People enjoy the sunshine on Margate beach in Margate, United Kingdom, June 2020
Andrew Couldridge / Reuters

For the last few months, much of the world has lived under unprecedented public health restrictions, social-distancing mandates, and other emergency measures. At least 137 countries imposed partial or total lockdowns to slow the spread of the novel coronavirus. One hundred forty-one restricted internal travel, and 169 closed at least some of their schools. In many ways, these measures have had their intended effect, helping to reduce transmission and ease the strain on health-care systems. Although more than eight million people have tested positive for COVID-19, the disease caused by the virus, and over 400,000 have died, these numbers would likely be far higher had countries not acted as they did.

But much of the world has now begun the process of reopening, even though the spread of the disease continues to accelerate in many places. The United States recorded its largest one-day total of new infections this week, even as many states push ahead with plans to reopen their economies.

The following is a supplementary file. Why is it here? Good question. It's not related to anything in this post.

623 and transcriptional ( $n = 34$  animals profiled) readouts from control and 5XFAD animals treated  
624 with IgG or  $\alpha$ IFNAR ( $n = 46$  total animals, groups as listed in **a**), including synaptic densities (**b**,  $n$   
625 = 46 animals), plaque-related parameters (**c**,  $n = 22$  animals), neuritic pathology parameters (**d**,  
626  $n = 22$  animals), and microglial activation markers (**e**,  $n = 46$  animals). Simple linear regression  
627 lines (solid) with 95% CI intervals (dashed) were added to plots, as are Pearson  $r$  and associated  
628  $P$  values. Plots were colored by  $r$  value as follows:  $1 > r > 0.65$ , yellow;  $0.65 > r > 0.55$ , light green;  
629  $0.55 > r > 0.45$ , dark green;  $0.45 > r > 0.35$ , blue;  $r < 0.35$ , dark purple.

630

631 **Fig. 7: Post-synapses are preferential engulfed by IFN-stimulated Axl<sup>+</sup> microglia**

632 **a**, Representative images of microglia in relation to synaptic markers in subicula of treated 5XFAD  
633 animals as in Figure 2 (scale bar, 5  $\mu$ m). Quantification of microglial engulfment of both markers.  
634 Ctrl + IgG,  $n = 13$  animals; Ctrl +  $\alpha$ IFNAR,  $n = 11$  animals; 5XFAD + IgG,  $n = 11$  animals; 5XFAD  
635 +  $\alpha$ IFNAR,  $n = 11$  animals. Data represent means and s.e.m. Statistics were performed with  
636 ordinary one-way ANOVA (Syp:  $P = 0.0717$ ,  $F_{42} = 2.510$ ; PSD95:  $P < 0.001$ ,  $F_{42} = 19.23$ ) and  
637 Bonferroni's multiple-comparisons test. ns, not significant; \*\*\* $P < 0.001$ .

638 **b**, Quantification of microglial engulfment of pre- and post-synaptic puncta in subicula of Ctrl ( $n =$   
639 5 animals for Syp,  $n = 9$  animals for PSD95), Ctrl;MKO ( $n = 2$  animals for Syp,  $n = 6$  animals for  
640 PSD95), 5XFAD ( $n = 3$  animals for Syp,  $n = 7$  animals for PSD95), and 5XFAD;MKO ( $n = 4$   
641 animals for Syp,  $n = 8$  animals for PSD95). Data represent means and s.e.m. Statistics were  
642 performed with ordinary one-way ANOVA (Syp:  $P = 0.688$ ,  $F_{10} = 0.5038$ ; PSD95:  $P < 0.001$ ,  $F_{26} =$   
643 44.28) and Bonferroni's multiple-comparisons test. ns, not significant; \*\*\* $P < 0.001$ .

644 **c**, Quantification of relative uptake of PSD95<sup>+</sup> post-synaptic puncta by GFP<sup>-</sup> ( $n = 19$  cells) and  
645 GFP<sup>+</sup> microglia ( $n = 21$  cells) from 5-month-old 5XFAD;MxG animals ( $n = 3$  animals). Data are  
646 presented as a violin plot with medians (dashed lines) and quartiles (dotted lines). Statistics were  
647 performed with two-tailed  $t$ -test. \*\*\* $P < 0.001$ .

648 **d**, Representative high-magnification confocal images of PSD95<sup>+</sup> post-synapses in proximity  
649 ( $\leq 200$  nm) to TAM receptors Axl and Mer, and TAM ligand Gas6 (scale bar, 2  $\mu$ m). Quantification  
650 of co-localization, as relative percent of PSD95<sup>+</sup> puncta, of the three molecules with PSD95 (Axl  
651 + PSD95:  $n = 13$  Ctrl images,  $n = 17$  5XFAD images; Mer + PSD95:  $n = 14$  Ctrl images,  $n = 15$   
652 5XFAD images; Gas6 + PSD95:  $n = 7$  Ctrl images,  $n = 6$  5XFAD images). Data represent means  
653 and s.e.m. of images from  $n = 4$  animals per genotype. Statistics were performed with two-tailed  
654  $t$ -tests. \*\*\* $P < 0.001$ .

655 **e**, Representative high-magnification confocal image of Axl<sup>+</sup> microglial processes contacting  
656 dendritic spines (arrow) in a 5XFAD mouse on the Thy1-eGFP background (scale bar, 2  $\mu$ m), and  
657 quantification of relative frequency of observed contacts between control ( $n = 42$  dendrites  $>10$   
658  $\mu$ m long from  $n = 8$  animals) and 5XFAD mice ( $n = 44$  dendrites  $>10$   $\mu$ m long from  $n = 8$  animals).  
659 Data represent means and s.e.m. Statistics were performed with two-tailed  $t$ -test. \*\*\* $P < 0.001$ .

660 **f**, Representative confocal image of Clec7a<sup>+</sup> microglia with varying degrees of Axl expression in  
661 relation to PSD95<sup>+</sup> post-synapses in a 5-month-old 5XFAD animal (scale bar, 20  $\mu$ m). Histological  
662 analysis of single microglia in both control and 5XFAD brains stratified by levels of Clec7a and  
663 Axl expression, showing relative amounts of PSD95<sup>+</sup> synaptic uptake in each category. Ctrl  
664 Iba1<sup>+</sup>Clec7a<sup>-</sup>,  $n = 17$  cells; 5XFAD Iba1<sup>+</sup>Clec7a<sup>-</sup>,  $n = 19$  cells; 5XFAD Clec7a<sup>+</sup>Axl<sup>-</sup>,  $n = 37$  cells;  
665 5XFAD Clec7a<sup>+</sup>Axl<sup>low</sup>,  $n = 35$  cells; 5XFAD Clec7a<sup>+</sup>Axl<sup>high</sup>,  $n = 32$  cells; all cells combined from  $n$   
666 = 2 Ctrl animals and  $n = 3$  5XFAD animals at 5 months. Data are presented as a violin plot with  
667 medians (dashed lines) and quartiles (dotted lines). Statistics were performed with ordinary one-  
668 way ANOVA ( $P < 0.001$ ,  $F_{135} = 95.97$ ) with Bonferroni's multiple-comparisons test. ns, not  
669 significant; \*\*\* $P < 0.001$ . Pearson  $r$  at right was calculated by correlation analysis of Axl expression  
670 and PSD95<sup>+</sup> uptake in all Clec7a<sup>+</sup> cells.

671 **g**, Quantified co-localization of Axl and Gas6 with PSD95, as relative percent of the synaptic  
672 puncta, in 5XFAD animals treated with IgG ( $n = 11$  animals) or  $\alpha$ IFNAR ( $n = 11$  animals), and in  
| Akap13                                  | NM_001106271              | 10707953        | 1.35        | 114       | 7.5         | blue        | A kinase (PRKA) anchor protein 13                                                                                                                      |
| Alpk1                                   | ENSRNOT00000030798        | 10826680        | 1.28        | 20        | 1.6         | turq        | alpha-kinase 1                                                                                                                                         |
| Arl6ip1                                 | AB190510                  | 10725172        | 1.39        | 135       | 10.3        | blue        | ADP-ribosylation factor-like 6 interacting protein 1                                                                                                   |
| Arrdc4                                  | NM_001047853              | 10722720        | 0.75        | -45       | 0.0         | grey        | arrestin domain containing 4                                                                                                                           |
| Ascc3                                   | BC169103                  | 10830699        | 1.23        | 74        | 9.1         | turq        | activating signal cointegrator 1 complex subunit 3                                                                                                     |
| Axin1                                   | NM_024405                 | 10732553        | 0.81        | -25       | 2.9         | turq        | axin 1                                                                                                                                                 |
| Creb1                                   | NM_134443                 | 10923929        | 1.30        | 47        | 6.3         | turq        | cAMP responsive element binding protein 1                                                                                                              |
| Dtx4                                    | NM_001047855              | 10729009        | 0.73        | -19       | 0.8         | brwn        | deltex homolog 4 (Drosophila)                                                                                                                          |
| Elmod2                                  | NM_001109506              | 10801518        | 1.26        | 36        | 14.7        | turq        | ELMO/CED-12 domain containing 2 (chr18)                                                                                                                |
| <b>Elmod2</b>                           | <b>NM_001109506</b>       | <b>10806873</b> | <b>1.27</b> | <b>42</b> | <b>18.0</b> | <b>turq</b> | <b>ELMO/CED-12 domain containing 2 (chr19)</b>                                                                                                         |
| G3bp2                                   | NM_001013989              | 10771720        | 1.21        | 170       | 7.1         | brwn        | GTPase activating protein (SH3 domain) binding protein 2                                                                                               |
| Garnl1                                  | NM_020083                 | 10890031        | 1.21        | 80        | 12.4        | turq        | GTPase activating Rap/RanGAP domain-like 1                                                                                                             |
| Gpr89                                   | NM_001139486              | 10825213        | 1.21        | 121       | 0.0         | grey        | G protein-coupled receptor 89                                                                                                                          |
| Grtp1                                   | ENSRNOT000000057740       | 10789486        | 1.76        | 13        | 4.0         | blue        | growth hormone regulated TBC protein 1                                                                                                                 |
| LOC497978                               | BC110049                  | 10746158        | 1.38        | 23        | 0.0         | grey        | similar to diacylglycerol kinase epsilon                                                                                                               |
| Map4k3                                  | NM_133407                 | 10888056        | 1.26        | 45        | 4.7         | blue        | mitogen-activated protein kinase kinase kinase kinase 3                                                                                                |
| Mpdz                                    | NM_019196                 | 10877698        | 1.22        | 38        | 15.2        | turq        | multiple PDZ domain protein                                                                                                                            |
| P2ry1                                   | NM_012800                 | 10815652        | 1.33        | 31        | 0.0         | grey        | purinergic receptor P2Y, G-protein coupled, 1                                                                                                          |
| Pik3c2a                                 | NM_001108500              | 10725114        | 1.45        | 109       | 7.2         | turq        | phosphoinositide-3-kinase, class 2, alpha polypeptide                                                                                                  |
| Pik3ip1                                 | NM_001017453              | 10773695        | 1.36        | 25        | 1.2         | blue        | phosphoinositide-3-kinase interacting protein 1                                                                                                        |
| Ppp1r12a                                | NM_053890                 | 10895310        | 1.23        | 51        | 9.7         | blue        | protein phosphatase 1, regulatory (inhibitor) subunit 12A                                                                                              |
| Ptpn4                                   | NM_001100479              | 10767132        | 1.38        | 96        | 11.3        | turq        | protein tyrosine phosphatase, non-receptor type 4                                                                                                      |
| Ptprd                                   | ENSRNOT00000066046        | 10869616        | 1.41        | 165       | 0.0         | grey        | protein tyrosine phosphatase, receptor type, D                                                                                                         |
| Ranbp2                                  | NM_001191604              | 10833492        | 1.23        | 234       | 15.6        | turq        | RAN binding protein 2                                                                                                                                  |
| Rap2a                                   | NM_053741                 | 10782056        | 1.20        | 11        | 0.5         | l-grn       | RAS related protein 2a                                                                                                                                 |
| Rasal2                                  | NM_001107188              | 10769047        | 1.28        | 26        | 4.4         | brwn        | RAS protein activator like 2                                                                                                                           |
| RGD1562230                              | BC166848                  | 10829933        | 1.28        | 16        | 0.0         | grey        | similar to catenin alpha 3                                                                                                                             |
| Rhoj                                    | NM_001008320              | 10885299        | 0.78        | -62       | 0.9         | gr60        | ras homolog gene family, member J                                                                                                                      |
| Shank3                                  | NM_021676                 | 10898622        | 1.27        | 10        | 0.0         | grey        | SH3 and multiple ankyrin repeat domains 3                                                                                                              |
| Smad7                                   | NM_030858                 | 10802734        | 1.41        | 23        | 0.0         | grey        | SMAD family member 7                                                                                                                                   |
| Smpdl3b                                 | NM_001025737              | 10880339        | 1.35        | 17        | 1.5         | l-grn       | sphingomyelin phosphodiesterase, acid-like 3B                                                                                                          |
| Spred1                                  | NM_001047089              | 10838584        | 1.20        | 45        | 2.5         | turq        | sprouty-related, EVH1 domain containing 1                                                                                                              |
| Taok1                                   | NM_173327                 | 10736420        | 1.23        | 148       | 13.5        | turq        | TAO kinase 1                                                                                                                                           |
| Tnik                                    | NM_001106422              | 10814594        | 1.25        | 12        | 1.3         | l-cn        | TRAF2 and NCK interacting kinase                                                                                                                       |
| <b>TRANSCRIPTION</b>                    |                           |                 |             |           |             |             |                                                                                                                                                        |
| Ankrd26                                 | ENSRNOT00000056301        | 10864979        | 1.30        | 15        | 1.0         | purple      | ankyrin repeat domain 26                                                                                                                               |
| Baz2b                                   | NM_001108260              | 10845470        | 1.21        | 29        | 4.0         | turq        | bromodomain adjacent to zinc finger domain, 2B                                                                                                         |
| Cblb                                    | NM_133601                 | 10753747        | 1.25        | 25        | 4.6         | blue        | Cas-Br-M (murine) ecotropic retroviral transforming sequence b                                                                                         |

This new phase of pandemic response is risky, but it may have been inevitable. Tight restrictions on people’s lives cannot be maintained forever. Their purpose was to “flatten the curve”—that is, to avoid a crush of sick patients that would

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  • JOSH MICHAUD is Associate Director for Global Health Policy at the Kaiser Family Foundation and an Adjunct Lecturer at the Johns Hopkins University School of Advanced International Studies.
  • JEN KATES is Senior Vice President and Director of Global Health & HIV Policy at the Kaiser Family Foundation and an Adjunct Lecturer at the Johns Hopkins University School of Advanced International Studies
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